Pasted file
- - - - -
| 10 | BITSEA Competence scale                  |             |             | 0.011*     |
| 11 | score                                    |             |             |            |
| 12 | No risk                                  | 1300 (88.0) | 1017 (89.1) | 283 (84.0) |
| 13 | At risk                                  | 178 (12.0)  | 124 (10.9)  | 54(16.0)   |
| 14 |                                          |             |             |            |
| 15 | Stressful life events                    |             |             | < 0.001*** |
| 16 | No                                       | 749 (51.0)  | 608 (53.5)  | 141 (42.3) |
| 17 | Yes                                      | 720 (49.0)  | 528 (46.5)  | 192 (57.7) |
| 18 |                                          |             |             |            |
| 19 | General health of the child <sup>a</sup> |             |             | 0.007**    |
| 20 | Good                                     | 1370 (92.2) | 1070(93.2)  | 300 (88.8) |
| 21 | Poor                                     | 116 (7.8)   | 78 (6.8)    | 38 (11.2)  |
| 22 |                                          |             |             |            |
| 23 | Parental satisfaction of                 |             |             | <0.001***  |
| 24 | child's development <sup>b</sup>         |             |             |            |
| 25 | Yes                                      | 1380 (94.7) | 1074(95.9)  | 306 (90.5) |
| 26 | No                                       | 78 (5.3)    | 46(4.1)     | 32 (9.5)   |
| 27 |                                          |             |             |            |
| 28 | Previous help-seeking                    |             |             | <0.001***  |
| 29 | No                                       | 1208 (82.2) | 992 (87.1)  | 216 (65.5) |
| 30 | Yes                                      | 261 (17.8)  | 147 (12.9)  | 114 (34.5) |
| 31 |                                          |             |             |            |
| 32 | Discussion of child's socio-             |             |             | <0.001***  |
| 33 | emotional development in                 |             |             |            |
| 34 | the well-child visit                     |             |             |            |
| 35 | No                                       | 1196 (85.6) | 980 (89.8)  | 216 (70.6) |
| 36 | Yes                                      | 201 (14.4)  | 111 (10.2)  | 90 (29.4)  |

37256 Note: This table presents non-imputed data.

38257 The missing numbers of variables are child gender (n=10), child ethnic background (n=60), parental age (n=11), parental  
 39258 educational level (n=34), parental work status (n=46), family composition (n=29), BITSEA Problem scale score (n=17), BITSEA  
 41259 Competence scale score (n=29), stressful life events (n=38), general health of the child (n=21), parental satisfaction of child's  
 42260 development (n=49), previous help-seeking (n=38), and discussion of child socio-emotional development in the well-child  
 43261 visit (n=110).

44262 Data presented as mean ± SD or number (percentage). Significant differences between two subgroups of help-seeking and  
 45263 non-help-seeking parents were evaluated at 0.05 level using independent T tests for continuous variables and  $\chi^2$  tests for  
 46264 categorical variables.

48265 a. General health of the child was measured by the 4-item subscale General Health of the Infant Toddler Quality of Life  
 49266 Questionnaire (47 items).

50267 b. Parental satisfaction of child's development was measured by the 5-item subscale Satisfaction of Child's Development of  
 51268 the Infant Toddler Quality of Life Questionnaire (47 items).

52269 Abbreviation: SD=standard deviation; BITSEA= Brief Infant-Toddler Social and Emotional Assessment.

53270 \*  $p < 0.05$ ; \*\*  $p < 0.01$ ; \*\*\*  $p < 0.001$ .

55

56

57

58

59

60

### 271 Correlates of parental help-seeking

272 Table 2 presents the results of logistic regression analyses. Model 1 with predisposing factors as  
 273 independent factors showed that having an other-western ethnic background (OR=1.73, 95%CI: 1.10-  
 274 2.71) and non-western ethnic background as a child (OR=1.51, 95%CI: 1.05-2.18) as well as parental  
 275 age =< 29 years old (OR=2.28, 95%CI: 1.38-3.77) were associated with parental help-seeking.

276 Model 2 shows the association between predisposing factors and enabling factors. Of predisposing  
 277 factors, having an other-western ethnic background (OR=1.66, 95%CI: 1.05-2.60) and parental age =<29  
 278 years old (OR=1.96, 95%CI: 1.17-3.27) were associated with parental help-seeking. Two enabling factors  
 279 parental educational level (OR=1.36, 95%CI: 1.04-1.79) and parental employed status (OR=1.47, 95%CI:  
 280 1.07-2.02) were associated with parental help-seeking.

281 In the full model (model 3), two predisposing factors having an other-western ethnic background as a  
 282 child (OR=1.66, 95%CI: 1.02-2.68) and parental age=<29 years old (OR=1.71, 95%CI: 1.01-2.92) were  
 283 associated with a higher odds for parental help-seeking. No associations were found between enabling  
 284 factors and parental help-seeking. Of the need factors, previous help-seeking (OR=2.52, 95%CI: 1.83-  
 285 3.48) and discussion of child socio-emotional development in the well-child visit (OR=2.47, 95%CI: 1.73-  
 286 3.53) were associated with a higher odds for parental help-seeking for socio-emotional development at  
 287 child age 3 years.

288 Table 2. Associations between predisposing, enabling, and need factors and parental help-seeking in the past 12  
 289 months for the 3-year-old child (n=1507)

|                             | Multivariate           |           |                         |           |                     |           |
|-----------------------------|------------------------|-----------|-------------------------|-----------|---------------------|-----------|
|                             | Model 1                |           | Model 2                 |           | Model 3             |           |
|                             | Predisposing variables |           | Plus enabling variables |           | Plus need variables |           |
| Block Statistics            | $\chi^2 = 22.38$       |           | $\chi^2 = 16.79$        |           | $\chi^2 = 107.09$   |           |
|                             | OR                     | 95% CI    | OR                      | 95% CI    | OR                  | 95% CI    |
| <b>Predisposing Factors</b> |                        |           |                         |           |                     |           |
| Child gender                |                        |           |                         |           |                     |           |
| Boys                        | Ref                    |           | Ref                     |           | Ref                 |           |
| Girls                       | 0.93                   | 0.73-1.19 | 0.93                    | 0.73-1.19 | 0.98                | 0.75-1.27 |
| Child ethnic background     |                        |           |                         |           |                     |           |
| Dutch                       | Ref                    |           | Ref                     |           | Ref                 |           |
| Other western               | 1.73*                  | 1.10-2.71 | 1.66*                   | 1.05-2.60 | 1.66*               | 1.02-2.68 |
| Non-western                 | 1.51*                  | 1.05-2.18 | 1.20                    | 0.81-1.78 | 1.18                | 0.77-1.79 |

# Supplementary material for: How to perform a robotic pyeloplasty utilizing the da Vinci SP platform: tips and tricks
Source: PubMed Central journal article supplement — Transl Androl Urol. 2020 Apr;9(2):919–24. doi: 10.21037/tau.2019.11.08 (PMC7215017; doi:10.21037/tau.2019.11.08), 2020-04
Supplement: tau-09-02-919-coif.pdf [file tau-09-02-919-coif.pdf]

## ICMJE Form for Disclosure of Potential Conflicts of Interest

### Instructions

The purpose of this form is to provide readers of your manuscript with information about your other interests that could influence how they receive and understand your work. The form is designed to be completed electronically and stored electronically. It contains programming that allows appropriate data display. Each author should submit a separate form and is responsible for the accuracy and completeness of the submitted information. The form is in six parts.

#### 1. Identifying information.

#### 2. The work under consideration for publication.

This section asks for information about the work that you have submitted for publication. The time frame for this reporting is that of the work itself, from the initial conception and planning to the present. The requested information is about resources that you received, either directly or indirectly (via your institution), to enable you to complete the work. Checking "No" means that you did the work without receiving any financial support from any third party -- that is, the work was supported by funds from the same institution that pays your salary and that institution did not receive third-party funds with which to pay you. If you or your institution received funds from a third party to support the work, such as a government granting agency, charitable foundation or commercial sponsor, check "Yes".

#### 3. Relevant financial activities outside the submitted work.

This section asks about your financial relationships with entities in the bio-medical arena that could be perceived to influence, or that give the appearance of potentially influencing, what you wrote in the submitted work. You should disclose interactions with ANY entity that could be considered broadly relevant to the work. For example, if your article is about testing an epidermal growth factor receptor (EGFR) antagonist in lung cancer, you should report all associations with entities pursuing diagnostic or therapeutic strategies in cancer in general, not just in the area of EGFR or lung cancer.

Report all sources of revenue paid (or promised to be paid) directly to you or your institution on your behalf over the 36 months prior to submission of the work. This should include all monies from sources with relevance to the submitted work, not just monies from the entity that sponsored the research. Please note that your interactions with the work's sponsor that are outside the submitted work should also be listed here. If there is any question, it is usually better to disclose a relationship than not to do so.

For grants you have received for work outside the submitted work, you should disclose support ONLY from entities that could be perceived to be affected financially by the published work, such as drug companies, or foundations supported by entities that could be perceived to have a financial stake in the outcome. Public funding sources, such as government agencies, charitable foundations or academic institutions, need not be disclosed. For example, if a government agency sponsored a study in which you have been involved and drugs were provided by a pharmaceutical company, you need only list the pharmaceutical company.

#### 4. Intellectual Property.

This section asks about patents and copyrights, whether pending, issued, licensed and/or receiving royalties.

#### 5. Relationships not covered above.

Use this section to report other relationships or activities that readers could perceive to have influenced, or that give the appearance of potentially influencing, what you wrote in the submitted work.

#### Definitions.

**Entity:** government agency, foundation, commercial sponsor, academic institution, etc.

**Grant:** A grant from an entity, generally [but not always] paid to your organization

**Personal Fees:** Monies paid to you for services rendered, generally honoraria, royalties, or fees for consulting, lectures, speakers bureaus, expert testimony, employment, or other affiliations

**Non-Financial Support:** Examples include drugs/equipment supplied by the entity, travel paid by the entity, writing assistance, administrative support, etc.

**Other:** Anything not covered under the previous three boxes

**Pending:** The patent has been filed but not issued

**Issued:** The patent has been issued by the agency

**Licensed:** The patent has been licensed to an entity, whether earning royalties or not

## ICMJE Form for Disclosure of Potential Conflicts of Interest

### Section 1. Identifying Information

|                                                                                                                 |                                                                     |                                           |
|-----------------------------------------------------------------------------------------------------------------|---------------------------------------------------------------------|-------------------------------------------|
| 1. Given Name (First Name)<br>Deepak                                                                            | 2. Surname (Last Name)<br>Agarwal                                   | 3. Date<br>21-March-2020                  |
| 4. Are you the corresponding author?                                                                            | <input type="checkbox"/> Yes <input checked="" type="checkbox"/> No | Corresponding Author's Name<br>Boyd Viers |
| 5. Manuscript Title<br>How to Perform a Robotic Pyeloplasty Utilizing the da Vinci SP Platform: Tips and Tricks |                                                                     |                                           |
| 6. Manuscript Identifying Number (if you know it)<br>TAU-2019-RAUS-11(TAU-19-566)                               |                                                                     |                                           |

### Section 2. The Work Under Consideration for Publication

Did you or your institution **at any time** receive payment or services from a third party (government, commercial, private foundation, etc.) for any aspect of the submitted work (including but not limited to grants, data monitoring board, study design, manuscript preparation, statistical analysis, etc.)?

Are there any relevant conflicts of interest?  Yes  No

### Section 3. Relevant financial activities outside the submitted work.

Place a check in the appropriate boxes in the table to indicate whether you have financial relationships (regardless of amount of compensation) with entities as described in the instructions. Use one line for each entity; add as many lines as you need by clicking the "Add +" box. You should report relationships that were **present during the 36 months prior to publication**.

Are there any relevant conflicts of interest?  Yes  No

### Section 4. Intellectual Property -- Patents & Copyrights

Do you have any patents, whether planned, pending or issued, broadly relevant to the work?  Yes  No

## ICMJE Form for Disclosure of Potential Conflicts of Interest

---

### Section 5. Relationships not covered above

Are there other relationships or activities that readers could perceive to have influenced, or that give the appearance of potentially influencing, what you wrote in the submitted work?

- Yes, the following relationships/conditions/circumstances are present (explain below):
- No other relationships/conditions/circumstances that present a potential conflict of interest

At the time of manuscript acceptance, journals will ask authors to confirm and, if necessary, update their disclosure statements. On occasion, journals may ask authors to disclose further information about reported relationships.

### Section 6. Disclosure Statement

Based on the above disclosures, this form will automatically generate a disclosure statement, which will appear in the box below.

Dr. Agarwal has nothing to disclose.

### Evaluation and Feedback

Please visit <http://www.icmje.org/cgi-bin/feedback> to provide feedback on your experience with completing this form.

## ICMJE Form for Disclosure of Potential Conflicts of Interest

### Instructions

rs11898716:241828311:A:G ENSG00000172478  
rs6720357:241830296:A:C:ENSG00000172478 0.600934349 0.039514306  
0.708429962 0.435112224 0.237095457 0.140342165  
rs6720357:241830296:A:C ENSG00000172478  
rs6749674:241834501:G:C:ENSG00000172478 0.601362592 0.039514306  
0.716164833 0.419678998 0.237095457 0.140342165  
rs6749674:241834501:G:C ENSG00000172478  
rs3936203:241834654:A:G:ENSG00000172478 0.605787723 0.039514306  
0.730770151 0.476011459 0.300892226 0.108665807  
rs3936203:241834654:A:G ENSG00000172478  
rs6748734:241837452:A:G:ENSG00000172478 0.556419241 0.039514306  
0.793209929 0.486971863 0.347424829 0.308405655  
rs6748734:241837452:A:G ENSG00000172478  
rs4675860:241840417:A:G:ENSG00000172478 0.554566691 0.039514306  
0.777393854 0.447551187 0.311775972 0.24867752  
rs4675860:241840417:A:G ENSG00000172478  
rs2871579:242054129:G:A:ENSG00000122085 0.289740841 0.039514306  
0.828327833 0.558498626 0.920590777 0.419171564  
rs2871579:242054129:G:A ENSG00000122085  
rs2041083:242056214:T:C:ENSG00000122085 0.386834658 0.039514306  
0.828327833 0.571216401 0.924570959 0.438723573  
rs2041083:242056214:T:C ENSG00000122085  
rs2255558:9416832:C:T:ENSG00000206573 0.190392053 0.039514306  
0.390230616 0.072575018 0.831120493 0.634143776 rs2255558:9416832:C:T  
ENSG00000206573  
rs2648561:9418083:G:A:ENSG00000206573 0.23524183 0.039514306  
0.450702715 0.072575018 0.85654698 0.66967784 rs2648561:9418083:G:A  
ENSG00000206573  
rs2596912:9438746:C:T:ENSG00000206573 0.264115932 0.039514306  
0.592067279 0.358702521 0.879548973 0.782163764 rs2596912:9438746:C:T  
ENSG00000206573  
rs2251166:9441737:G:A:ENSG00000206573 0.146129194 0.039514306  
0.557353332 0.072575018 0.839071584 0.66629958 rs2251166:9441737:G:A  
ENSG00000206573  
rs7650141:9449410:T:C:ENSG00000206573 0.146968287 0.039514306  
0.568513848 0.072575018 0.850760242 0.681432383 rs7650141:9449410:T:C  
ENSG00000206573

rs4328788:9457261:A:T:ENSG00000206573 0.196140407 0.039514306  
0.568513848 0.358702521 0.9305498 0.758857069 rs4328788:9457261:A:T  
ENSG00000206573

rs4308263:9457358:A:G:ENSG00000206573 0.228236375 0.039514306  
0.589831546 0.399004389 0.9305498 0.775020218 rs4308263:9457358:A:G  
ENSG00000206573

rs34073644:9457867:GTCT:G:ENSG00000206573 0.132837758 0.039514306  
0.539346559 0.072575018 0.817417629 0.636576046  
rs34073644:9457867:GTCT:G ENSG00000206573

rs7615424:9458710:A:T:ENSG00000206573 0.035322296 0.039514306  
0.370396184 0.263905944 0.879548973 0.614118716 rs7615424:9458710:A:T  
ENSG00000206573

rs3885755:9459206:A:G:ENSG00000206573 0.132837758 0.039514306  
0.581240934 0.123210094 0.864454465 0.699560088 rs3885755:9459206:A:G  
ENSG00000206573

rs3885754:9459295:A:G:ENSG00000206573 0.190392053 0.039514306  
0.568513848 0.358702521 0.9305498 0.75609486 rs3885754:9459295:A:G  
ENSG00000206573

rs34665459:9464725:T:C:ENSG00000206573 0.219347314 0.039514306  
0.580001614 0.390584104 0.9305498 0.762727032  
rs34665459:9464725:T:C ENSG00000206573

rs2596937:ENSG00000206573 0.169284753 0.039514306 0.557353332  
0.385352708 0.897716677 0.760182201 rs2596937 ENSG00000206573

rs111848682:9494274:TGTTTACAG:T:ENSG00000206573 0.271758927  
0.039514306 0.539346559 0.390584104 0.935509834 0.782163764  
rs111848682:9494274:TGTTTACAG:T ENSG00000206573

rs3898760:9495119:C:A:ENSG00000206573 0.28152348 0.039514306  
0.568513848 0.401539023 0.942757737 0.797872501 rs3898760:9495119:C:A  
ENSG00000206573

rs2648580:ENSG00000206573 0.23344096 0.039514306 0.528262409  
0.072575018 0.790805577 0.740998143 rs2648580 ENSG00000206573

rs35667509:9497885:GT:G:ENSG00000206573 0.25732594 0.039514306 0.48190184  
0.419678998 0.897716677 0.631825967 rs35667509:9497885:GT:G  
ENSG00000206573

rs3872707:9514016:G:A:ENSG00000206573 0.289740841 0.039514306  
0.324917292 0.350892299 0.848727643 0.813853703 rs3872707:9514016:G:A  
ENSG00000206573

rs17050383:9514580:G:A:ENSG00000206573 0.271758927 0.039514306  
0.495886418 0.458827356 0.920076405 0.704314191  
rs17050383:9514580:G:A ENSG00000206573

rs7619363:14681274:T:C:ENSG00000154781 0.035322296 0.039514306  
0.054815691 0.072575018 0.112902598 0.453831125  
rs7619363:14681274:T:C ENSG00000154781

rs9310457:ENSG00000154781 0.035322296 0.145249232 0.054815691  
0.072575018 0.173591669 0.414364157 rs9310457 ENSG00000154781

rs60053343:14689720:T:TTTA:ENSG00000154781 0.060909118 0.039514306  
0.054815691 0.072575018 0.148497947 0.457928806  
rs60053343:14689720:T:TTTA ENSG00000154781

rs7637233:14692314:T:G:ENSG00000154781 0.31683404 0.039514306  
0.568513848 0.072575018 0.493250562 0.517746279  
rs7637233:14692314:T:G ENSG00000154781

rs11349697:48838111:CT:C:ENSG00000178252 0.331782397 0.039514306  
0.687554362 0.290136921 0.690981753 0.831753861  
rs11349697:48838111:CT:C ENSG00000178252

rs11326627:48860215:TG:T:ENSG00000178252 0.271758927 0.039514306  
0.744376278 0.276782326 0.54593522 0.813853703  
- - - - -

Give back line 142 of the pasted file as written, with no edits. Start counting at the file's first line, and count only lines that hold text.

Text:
rs6749674:241834501:G:C:ENSG00000172478 0.601362592 0.039514306  